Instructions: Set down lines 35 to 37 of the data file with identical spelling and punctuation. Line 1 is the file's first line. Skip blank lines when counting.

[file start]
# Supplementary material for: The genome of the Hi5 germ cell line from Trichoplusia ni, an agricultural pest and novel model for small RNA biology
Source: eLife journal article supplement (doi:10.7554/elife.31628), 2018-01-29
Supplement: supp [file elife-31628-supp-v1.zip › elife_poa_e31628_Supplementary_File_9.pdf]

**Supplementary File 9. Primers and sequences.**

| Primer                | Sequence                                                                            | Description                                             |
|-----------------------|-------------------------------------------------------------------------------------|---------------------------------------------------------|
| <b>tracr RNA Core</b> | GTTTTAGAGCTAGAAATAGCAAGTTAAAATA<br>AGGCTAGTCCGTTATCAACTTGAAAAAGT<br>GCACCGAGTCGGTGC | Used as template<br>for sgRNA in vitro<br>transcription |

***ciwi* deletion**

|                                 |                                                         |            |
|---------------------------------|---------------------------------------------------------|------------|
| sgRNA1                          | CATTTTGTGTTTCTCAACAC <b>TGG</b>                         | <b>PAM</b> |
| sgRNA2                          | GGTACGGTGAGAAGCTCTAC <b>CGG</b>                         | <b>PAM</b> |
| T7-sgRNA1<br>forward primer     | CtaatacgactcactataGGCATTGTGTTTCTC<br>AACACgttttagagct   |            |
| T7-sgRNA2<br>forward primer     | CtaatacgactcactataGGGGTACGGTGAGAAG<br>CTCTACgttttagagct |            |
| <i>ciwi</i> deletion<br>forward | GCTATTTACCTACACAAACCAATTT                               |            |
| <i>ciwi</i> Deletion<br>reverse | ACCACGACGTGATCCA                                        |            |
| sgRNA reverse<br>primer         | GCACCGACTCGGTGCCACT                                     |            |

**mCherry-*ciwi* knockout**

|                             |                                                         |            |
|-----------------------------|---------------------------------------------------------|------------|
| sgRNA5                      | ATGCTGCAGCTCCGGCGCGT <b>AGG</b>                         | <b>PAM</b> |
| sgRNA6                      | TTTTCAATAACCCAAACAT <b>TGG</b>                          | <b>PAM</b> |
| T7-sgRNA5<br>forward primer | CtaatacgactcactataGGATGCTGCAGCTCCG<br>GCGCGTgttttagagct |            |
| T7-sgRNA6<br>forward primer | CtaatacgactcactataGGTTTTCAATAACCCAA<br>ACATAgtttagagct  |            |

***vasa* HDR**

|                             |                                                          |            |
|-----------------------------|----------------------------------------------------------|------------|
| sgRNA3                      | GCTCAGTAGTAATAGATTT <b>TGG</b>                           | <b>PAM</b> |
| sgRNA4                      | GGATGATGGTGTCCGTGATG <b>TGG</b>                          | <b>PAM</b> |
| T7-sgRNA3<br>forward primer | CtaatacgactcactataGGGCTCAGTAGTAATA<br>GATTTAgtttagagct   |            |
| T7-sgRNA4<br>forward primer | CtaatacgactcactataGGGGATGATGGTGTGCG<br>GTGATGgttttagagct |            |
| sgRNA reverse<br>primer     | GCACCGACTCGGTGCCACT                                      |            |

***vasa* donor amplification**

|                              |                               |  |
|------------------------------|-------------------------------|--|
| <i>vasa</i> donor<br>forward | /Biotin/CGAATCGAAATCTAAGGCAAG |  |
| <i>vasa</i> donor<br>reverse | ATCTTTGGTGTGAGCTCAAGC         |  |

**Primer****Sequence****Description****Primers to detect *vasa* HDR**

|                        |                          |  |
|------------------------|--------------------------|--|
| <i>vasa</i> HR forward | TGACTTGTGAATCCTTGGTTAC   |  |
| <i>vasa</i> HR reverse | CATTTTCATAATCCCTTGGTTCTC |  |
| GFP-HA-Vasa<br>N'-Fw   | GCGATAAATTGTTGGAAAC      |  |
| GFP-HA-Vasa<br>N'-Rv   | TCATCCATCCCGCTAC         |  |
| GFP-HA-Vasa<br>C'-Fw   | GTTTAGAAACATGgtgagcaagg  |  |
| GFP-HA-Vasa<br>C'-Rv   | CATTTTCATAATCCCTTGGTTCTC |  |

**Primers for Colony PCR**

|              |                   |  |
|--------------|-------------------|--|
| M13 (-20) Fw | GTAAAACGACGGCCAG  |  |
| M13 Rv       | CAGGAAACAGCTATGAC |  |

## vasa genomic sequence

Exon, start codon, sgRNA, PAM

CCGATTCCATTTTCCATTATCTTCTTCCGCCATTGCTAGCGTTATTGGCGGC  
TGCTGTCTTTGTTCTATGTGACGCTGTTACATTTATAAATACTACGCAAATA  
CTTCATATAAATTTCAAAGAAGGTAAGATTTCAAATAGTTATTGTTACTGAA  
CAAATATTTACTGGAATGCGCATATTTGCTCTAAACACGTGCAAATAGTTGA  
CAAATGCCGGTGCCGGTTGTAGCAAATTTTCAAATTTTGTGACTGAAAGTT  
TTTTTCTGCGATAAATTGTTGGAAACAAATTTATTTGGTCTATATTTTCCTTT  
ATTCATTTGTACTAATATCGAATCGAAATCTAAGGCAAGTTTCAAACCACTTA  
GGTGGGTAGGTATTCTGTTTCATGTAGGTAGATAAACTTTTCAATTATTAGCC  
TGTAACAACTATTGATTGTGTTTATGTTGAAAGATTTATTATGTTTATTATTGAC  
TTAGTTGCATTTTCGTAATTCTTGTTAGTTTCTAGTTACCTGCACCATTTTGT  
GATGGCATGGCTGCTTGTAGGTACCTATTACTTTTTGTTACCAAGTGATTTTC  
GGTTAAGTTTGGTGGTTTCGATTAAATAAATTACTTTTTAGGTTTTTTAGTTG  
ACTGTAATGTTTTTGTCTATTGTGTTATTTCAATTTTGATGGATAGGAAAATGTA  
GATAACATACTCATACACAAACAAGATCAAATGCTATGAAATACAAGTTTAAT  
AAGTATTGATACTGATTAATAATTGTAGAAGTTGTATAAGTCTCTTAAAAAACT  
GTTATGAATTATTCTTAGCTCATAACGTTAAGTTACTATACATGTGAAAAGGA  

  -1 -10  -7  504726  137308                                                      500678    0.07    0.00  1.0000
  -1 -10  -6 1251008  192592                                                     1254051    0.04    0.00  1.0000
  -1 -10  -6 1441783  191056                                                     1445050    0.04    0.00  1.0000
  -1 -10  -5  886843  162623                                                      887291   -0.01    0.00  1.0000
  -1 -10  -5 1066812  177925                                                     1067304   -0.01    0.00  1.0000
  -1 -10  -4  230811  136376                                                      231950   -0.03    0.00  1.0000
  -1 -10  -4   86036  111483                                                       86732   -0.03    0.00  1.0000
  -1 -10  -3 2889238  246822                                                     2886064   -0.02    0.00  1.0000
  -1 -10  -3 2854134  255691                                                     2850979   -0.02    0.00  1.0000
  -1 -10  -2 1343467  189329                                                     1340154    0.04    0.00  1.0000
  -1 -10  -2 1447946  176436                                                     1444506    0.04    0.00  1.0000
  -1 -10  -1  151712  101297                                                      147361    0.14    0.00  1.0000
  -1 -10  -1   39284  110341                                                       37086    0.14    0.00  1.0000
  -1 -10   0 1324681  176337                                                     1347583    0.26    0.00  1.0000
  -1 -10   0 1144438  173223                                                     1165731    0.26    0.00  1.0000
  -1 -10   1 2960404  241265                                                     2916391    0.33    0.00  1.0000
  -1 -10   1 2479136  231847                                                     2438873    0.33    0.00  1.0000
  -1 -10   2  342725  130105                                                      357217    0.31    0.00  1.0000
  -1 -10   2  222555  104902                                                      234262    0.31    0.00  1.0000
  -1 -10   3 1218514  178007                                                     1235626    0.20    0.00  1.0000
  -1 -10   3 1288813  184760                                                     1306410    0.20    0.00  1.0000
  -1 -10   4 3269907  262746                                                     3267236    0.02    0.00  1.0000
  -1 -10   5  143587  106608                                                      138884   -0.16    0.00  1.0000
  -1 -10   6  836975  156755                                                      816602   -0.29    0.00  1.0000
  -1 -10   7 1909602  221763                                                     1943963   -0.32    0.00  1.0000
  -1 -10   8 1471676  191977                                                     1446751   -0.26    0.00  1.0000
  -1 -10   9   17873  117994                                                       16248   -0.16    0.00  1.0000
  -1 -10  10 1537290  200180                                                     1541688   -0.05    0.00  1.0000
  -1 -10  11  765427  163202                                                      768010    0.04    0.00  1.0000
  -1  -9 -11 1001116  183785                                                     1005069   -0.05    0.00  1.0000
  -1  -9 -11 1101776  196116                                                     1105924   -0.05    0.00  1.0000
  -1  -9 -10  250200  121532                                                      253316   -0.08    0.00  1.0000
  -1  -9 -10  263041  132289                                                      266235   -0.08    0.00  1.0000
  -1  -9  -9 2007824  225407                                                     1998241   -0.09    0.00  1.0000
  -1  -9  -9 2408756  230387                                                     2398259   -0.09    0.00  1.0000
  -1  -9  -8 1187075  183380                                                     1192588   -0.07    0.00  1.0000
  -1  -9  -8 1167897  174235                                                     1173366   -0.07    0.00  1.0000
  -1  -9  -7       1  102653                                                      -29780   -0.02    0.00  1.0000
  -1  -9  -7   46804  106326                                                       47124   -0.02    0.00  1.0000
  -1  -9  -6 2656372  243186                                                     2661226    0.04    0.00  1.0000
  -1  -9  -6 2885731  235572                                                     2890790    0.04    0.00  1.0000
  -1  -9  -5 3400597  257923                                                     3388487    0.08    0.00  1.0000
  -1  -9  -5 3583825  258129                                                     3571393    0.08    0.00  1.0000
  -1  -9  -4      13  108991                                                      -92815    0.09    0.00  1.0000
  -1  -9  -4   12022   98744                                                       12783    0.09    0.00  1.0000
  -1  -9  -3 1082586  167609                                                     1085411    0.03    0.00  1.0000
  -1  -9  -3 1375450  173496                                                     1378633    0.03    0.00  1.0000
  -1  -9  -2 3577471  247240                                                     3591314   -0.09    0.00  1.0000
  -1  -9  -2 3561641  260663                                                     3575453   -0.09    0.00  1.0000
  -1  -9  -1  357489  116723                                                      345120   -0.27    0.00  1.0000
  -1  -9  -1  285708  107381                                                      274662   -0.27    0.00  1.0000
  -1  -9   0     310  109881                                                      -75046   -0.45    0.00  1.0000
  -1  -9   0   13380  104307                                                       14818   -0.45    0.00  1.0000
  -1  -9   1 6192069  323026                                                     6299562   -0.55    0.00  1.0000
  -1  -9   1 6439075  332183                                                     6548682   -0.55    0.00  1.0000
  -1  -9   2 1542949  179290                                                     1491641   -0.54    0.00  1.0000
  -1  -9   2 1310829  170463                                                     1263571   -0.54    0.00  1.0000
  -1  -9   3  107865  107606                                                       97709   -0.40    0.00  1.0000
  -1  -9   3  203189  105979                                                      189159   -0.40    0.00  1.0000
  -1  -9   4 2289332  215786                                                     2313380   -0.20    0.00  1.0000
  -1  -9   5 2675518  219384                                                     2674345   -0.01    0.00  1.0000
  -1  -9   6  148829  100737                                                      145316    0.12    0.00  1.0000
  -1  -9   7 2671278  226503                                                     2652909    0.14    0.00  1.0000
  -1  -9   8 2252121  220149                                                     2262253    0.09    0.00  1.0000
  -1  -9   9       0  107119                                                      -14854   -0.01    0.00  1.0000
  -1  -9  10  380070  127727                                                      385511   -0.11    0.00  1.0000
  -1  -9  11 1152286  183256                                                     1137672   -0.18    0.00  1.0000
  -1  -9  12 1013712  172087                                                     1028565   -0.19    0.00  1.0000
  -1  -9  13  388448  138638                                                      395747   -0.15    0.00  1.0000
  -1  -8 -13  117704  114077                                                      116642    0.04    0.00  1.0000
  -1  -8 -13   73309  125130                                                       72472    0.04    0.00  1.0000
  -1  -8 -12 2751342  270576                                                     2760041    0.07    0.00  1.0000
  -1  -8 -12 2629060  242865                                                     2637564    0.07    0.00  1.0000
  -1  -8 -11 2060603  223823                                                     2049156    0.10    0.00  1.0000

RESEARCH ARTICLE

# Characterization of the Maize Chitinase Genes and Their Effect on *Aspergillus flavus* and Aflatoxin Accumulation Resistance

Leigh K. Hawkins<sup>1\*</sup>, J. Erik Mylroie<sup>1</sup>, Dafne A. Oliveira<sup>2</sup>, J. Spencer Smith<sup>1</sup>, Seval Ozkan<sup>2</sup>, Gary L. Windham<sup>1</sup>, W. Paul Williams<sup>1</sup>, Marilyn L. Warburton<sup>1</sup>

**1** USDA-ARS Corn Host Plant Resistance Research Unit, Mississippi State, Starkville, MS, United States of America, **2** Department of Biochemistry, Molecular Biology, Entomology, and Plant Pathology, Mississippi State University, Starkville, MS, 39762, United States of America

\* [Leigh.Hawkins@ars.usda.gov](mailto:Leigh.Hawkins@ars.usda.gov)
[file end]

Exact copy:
|------------------------------|-------------------------------|--|
| <i>vasa</i> donor<br>forward | /Biotin/CGAATCGAAATCTAAGGCAAG |  |
| <i>vasa</i> donor<br>reverse | ATCTTTGGTGTGAGCTCAAGC         |  |